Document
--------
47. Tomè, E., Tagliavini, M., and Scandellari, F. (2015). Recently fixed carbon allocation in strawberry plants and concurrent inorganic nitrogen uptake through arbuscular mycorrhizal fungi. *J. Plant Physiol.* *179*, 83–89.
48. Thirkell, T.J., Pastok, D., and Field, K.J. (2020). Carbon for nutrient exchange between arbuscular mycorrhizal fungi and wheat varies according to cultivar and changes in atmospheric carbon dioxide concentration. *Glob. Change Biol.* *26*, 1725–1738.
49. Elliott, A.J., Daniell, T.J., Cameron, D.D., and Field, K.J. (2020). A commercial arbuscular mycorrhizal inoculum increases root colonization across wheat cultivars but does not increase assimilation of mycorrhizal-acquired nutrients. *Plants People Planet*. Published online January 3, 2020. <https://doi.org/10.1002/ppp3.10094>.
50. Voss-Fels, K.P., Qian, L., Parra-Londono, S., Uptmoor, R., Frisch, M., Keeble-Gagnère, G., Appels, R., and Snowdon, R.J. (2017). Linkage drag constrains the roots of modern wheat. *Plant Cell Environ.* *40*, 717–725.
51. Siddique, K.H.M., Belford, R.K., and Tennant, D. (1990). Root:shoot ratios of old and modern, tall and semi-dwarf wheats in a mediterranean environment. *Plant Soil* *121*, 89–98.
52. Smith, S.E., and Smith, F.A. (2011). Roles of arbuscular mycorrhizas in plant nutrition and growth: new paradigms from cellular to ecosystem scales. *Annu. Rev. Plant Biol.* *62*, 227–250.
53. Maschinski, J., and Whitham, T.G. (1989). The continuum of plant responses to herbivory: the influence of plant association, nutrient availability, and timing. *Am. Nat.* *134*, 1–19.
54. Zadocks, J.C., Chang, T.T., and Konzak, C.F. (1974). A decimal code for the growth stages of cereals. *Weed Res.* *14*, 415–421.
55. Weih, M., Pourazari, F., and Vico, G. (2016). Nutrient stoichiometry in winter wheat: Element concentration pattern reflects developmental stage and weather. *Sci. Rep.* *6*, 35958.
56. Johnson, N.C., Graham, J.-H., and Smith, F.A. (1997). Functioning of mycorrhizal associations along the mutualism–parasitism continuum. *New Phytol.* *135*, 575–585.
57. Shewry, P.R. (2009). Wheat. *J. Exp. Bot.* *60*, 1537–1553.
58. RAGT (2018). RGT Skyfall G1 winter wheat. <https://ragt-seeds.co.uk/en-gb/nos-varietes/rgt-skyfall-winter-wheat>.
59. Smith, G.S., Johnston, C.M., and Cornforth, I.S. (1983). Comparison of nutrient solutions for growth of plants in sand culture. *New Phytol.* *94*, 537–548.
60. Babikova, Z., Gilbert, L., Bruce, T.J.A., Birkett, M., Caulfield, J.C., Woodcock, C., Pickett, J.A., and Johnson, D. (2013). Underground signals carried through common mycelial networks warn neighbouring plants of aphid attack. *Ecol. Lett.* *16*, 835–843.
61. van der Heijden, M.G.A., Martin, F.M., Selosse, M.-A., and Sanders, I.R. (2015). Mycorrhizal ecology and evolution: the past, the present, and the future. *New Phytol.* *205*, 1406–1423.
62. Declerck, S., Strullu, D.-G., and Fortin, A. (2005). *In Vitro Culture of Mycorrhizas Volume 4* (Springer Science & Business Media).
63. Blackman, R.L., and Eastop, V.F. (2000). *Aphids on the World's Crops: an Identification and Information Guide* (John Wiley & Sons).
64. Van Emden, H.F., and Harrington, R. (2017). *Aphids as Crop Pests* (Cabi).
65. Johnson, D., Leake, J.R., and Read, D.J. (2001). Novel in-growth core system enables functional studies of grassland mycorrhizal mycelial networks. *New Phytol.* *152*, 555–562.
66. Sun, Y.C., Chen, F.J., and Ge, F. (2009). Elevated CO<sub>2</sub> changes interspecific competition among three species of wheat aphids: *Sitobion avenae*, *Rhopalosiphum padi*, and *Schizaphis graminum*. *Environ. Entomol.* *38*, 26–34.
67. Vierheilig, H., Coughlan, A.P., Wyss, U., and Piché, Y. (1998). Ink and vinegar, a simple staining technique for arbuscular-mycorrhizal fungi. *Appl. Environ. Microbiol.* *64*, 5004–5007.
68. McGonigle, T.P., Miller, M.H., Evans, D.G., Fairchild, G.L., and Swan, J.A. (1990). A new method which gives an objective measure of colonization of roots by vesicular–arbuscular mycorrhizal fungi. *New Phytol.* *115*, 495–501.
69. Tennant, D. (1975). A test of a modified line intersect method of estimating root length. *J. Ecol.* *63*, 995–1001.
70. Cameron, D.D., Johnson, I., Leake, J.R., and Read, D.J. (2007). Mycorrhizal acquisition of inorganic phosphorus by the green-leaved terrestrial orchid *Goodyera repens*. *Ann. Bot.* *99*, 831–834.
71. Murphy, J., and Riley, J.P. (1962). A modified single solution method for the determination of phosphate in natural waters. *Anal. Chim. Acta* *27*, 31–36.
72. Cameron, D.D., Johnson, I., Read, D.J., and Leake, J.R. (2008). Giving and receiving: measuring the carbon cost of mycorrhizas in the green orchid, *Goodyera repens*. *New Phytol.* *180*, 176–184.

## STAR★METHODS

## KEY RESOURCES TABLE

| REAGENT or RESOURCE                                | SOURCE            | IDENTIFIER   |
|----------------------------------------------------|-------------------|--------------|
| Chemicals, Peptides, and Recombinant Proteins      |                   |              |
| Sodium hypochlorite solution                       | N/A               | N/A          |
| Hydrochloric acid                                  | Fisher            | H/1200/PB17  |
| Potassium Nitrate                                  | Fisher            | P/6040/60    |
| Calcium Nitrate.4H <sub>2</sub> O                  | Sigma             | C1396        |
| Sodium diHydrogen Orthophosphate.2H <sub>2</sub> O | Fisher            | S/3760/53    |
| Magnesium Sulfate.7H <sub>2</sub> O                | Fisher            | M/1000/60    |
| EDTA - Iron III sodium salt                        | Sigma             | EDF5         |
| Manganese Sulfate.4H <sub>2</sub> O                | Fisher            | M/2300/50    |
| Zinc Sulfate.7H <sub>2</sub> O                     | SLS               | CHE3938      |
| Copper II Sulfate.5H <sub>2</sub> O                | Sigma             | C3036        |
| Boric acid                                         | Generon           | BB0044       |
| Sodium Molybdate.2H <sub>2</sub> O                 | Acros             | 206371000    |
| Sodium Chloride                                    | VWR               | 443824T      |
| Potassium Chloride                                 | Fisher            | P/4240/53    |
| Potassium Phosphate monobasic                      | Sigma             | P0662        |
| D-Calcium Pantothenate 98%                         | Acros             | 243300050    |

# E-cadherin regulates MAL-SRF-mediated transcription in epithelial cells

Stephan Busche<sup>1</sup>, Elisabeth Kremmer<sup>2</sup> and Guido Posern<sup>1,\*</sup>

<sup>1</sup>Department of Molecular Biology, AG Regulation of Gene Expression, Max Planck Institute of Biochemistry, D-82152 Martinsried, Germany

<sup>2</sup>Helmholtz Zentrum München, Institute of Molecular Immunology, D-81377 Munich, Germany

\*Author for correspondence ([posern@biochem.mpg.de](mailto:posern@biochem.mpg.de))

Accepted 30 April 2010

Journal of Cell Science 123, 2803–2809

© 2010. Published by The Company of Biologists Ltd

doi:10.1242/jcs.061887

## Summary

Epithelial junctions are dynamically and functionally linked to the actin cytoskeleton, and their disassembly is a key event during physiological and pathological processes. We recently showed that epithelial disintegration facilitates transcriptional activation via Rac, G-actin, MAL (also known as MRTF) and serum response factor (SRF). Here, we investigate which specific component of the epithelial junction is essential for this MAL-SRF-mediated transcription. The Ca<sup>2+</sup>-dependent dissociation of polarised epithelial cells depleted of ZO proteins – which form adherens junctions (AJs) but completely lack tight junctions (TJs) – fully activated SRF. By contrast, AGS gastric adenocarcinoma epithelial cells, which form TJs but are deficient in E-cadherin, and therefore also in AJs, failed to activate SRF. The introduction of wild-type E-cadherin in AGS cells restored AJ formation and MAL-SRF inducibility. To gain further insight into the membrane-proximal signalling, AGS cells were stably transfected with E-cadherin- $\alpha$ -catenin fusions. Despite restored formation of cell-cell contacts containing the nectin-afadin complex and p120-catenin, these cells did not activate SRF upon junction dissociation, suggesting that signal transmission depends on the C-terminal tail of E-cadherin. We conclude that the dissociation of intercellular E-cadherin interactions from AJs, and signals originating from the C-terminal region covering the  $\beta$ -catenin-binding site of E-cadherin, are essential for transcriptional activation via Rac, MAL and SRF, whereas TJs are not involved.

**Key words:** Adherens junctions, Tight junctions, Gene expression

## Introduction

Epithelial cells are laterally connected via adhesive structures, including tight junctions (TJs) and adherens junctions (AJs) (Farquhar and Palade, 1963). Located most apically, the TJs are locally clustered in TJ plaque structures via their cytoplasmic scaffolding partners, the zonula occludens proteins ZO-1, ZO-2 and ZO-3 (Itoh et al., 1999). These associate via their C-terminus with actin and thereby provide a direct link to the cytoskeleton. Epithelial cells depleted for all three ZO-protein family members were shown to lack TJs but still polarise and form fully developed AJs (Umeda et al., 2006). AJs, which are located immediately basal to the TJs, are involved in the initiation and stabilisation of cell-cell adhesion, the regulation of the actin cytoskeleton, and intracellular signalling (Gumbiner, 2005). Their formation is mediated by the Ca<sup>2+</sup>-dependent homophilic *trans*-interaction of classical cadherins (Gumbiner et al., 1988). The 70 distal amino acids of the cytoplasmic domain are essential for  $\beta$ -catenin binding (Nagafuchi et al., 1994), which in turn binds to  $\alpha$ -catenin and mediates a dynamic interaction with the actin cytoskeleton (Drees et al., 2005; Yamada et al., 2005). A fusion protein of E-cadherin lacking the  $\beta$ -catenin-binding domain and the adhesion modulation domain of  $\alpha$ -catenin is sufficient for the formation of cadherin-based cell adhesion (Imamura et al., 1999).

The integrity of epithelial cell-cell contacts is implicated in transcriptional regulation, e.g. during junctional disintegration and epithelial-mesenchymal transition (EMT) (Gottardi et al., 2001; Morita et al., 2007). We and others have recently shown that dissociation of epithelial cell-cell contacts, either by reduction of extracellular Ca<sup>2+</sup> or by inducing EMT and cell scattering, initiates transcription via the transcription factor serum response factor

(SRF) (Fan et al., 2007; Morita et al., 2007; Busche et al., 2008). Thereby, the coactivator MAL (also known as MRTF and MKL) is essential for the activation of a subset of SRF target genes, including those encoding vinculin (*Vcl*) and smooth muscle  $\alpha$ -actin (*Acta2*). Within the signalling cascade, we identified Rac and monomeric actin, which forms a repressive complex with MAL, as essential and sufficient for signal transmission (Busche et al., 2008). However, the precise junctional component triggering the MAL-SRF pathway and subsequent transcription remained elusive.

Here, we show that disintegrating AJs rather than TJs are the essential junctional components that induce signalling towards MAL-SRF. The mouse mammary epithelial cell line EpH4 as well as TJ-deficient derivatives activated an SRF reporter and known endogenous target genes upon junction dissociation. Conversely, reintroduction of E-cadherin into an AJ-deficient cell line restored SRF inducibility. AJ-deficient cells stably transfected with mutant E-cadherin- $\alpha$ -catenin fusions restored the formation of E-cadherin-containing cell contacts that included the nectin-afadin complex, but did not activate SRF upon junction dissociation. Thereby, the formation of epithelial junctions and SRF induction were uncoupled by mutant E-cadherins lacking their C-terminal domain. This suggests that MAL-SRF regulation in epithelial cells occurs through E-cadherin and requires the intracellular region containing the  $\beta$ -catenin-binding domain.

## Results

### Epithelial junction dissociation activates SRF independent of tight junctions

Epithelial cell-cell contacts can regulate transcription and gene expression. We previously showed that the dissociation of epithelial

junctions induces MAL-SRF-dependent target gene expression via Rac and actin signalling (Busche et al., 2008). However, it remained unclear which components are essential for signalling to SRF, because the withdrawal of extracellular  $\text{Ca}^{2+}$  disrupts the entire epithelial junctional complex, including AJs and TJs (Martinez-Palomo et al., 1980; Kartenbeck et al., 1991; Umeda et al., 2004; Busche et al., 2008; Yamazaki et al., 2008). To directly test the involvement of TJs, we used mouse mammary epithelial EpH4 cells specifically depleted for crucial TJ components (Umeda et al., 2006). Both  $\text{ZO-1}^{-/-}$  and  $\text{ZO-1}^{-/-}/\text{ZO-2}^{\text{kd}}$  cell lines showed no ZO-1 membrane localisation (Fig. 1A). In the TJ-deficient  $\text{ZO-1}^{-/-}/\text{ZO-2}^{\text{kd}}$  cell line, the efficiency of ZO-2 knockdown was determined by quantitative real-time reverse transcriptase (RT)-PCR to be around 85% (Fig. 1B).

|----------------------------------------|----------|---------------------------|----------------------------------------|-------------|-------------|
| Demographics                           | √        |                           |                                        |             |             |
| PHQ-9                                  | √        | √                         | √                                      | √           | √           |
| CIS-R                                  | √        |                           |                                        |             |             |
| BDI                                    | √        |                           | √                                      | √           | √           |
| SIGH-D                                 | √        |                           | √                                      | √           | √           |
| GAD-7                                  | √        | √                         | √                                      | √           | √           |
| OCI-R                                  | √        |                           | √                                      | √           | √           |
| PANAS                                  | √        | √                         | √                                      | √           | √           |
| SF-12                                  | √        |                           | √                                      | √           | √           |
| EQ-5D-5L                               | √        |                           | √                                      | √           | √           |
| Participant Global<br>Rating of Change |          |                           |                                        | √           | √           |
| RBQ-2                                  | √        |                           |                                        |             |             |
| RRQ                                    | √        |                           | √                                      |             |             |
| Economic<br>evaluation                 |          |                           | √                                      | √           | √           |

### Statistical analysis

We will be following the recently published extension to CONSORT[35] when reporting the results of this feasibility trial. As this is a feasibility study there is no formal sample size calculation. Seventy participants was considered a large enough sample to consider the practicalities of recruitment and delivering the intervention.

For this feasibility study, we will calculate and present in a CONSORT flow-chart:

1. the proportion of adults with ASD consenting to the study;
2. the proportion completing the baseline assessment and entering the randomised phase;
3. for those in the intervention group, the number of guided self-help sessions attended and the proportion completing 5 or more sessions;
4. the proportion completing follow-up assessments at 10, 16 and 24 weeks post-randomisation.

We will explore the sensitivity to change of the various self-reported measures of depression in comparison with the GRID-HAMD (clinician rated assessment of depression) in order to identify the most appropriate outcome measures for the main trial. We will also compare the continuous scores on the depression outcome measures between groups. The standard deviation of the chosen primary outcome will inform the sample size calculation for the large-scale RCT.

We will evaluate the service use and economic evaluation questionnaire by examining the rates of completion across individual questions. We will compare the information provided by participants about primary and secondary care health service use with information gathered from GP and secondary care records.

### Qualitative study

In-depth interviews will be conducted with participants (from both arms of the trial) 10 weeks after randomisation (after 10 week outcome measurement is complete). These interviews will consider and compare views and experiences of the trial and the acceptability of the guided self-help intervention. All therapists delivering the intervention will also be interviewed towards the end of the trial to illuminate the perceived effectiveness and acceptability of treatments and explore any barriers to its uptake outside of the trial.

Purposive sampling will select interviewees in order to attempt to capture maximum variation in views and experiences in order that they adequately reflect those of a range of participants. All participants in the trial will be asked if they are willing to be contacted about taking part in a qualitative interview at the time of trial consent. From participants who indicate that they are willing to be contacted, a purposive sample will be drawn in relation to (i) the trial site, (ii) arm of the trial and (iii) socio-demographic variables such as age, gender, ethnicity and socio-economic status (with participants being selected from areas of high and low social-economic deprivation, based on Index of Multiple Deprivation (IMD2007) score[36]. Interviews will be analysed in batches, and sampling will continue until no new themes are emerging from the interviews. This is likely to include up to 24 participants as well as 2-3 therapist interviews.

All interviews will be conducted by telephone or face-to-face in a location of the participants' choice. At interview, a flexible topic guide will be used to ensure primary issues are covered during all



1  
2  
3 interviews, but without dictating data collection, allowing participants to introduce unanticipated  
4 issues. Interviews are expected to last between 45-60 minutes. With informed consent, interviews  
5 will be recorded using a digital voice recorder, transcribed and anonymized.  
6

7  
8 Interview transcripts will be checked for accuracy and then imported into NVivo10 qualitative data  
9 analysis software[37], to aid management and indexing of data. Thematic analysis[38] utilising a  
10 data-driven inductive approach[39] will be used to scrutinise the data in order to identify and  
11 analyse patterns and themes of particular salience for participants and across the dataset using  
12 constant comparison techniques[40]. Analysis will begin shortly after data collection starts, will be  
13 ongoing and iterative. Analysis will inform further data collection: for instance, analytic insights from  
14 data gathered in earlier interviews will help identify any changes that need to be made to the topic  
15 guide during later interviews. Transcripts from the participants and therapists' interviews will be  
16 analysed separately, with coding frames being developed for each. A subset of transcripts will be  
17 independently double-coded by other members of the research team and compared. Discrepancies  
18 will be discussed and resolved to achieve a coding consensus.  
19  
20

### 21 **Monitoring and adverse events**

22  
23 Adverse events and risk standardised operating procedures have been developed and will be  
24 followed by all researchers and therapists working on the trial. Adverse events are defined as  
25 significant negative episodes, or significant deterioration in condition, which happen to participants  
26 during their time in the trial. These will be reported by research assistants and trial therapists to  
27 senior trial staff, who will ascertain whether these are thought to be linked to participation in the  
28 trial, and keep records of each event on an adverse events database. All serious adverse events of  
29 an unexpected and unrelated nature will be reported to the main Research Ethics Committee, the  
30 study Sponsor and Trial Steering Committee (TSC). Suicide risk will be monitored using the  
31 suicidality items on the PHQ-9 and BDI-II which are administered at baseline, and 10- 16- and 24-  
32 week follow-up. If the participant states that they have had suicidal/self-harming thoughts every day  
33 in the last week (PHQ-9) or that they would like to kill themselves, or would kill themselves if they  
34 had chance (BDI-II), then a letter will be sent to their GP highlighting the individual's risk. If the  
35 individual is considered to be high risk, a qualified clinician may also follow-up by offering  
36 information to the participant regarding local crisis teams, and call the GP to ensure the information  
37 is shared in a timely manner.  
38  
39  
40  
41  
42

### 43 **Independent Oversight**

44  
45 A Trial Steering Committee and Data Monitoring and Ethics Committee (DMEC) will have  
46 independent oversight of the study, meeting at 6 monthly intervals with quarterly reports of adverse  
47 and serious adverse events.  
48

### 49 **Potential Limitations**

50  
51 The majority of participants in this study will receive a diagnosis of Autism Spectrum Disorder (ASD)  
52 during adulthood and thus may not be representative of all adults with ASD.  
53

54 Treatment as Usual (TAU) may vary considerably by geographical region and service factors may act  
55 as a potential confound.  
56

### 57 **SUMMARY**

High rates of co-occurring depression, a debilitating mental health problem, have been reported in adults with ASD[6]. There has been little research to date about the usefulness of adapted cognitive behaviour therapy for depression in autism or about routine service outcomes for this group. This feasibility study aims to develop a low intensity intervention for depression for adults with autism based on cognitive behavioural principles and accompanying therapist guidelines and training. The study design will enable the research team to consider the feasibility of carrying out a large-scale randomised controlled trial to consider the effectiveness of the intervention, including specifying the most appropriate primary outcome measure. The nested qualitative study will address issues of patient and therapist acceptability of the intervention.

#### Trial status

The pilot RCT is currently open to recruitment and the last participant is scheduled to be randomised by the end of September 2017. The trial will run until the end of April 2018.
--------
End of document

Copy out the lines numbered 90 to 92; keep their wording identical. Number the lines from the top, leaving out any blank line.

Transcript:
4. the proportion completing follow-up assessments at 10, 16 and 24 weeks post-randomisation.

We will explore the sensitivity to change of the various self-reported measures of depression in comparison with the GRID-HAMD (clinician rated assessment of depression) in order to identify the most appropriate outcome measures for the main trial. We will also compare the continuous scores on the depression outcome measures between groups. The standard deviation of the chosen primary outcome will inform the sample size calculation for the large-scale RCT.

We will evaluate the service use and economic evaluation questionnaire by examining the rates of completion across individual questions. We will compare the information provided by participants about primary and secondary care health service use with information gathered from GP and secondary care records.